2. Fiver

        Putin is not your ordinary oligarch. He cares about Russia – a lot more than he cares about money, but maybe less than his image in history. I can’t think of how anyone could have handled what the US has thrown at Russia better than Putin, who has kept an incredibly cool head while insisting there is such a thing as Russia, and it has interests, and being ruled by US/global corporate oligarchs isn’t one of them.

        1. Vatch

          He cares about Russia – a lot more than he cares about money,

          Does he? We really don’t know how much money he has. I’ve seen estimates of his wealth in the billions of dollars, but I don’t know whether that’s true or false.

  2. Mark P.

    Stoller: ‘because they see it as restarting World War II. They think they are peaceniks.’

    I don’t buy it, even as snark/thought experiment.

    Yes, historically, this was a line of policy thinking, especially in terms of how the US shaped the rebuilding of Japan — the licensing of microprocessor technology, forex — and Germany. Up till the late 1970s an element of this may have remained operative. But now it’s just looting, simply because that’s what the Machine does.

    1. sgt_doom

      This was the “official line” of policy thinking, which Stoller easily falls for — everything at face value, unfortunately!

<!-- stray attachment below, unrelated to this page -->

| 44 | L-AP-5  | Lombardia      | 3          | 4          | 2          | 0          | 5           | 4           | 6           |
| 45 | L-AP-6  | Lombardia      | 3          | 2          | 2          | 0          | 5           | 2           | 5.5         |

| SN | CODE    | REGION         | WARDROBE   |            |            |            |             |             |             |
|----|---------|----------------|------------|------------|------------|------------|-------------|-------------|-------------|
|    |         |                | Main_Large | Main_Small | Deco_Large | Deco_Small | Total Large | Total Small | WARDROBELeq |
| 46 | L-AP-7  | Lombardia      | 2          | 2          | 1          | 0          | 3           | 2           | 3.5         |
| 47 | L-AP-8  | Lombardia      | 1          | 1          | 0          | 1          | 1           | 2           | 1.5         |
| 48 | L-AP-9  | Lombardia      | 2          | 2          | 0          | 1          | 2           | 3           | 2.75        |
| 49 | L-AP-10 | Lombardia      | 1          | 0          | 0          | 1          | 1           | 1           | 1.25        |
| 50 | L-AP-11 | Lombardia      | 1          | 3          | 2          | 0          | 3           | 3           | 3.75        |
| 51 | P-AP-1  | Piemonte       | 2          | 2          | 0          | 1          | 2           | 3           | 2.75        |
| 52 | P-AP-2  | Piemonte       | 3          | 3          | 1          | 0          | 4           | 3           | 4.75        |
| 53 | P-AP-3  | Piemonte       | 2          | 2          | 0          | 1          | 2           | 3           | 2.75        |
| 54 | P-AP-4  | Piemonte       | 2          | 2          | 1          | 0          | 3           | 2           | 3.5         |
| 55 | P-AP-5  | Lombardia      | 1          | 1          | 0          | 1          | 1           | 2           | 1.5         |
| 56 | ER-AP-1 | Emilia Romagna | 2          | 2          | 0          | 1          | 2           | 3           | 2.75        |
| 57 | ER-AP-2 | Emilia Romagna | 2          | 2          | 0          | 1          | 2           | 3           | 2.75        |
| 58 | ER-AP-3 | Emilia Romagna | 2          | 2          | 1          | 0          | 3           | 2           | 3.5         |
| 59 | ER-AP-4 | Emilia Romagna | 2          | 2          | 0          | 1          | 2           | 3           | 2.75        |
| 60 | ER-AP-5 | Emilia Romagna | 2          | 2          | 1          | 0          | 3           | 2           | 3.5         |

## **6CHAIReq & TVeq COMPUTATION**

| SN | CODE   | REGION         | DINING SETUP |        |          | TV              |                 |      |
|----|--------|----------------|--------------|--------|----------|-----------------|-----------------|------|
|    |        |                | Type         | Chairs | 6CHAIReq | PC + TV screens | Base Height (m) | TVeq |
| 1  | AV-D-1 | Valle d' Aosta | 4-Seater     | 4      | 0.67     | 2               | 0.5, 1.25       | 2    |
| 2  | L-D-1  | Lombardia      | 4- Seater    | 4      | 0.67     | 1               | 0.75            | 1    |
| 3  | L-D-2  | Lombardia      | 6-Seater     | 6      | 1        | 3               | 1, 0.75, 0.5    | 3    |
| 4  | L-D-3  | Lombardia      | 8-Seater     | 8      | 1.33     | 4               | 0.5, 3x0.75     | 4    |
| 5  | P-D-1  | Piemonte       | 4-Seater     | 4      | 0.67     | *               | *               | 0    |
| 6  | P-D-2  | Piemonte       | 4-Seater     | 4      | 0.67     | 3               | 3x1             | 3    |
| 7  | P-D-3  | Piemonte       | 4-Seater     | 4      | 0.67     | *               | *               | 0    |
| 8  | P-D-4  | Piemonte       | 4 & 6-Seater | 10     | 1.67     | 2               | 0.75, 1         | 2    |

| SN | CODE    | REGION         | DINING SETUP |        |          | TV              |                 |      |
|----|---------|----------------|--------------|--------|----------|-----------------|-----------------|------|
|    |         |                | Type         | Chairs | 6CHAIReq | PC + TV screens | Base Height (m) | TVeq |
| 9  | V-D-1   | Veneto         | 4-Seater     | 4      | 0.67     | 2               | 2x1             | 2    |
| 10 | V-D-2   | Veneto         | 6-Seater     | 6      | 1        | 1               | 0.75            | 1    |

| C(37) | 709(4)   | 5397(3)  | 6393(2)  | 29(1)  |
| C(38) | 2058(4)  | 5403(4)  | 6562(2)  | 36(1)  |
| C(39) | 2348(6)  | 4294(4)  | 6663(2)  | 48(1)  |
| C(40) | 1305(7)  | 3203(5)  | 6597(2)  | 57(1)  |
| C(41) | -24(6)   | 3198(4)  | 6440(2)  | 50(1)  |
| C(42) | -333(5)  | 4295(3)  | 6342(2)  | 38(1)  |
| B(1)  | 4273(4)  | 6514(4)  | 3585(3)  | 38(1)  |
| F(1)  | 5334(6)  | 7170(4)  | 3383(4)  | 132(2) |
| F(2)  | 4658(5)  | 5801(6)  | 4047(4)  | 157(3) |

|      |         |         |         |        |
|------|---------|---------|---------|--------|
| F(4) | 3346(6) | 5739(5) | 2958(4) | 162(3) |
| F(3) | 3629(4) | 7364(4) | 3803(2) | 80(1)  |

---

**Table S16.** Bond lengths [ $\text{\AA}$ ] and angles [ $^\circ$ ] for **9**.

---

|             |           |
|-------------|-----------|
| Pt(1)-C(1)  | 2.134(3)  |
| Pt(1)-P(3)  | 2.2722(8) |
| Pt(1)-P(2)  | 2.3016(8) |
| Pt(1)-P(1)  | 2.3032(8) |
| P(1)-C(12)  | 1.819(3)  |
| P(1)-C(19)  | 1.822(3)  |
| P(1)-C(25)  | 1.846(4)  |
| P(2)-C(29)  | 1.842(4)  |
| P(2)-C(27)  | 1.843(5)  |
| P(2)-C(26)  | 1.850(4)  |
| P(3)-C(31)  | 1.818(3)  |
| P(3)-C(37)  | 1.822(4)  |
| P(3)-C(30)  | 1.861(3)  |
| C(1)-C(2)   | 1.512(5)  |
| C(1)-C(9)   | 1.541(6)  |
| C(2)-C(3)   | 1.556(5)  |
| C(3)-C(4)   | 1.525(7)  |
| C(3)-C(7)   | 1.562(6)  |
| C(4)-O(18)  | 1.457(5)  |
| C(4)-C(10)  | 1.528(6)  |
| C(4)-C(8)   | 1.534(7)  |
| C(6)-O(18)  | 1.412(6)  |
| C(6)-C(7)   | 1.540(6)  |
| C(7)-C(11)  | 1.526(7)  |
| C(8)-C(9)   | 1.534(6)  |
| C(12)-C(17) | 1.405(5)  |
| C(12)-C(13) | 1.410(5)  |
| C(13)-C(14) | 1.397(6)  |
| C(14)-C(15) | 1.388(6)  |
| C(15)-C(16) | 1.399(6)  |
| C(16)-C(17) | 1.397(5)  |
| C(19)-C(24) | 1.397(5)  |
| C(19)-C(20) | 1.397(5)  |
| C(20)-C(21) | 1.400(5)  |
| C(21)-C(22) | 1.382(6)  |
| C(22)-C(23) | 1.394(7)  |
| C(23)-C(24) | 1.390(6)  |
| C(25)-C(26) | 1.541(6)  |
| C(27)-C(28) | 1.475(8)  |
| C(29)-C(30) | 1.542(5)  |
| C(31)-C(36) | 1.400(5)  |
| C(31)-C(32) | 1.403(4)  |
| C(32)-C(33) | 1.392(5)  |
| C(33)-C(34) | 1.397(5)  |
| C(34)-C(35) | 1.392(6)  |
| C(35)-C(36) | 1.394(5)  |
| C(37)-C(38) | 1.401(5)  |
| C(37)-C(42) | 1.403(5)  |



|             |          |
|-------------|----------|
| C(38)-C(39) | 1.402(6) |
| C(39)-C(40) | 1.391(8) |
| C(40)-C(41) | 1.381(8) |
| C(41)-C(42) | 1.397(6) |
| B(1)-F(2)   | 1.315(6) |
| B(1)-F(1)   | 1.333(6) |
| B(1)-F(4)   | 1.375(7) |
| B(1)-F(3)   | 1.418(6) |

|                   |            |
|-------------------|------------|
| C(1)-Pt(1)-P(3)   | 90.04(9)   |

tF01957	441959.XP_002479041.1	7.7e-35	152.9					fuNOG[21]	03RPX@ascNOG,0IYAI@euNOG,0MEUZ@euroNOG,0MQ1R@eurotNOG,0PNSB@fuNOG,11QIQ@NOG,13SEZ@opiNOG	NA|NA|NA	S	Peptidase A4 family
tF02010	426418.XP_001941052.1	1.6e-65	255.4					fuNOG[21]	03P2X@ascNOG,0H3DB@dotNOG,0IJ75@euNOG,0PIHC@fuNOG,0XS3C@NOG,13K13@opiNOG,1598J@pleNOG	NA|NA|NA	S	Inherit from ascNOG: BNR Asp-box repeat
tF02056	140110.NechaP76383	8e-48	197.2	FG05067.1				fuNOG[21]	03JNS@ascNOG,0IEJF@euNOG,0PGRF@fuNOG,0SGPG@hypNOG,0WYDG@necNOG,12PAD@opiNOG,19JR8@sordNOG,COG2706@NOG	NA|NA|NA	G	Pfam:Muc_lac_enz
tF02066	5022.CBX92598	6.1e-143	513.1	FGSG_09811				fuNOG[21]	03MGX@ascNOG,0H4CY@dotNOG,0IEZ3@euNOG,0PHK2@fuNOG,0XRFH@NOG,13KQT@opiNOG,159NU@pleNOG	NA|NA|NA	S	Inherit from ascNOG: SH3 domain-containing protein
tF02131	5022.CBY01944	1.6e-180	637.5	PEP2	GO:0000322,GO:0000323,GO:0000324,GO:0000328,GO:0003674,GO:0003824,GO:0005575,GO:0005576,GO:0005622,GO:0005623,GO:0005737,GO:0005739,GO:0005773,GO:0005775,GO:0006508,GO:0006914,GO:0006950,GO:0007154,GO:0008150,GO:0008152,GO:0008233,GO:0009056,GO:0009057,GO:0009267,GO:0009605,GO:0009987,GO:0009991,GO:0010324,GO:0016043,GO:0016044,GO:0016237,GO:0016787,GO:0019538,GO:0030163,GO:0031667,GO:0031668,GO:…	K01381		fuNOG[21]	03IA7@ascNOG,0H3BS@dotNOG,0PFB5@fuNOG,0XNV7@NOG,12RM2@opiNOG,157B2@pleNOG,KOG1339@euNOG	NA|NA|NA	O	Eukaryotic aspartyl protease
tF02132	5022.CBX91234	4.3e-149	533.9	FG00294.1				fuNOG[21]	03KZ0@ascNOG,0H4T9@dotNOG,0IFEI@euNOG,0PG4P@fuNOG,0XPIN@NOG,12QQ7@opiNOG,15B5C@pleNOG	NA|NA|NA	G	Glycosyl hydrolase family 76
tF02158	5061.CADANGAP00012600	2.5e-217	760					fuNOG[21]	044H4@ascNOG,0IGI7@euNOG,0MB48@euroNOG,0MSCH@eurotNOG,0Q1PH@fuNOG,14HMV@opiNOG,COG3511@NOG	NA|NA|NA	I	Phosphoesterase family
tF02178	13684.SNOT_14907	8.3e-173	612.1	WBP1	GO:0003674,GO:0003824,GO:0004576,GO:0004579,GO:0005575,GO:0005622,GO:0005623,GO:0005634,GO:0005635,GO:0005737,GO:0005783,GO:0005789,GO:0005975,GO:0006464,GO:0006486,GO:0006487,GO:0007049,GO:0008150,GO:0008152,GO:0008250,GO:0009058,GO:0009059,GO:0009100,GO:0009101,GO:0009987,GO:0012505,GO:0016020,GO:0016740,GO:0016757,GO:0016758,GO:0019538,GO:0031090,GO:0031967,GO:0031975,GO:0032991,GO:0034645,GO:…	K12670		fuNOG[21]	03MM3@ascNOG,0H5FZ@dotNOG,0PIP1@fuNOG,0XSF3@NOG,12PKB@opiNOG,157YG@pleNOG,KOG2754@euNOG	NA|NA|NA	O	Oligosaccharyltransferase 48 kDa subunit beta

Nope, the move has always been towards one world bank, and one world financial exchange, and one world clearinghouse and one world corporation — we already have one world gov’t with the WTO, unofficially of course!

      But it’s a great meme, right — plenty repeat it most robotically!

  3. PlutoniumKun

    I know its hard to present an argument in Twitter form, but I do think its more complex than this – I think originally there was an underlying assumption that more interconnected trade meant of more peace. Of course, this coincided with, from the 1950’s onwards, the growth of ‘modern’ multinationals which seemed to symbolise modernity and the west. So it was natural for a certain type of foreign policy establishment to see them as natural allies. If what was good for GM was good for America, what was good for Coca Cola was good for the world. But this of course led to an opening for multinationals to hijack foreign policy for their own ends. It was no longer about opening up the world for trade, it was about opening up the world for a certain type of trade – one dominated by what are increasingly monopolistic entities with no national ties, who’s only interest is in maintaining a dominant market position. It was of course Adam Smith who first warned of exactly this process, and the related importance of allowing private interests too much access to public policy.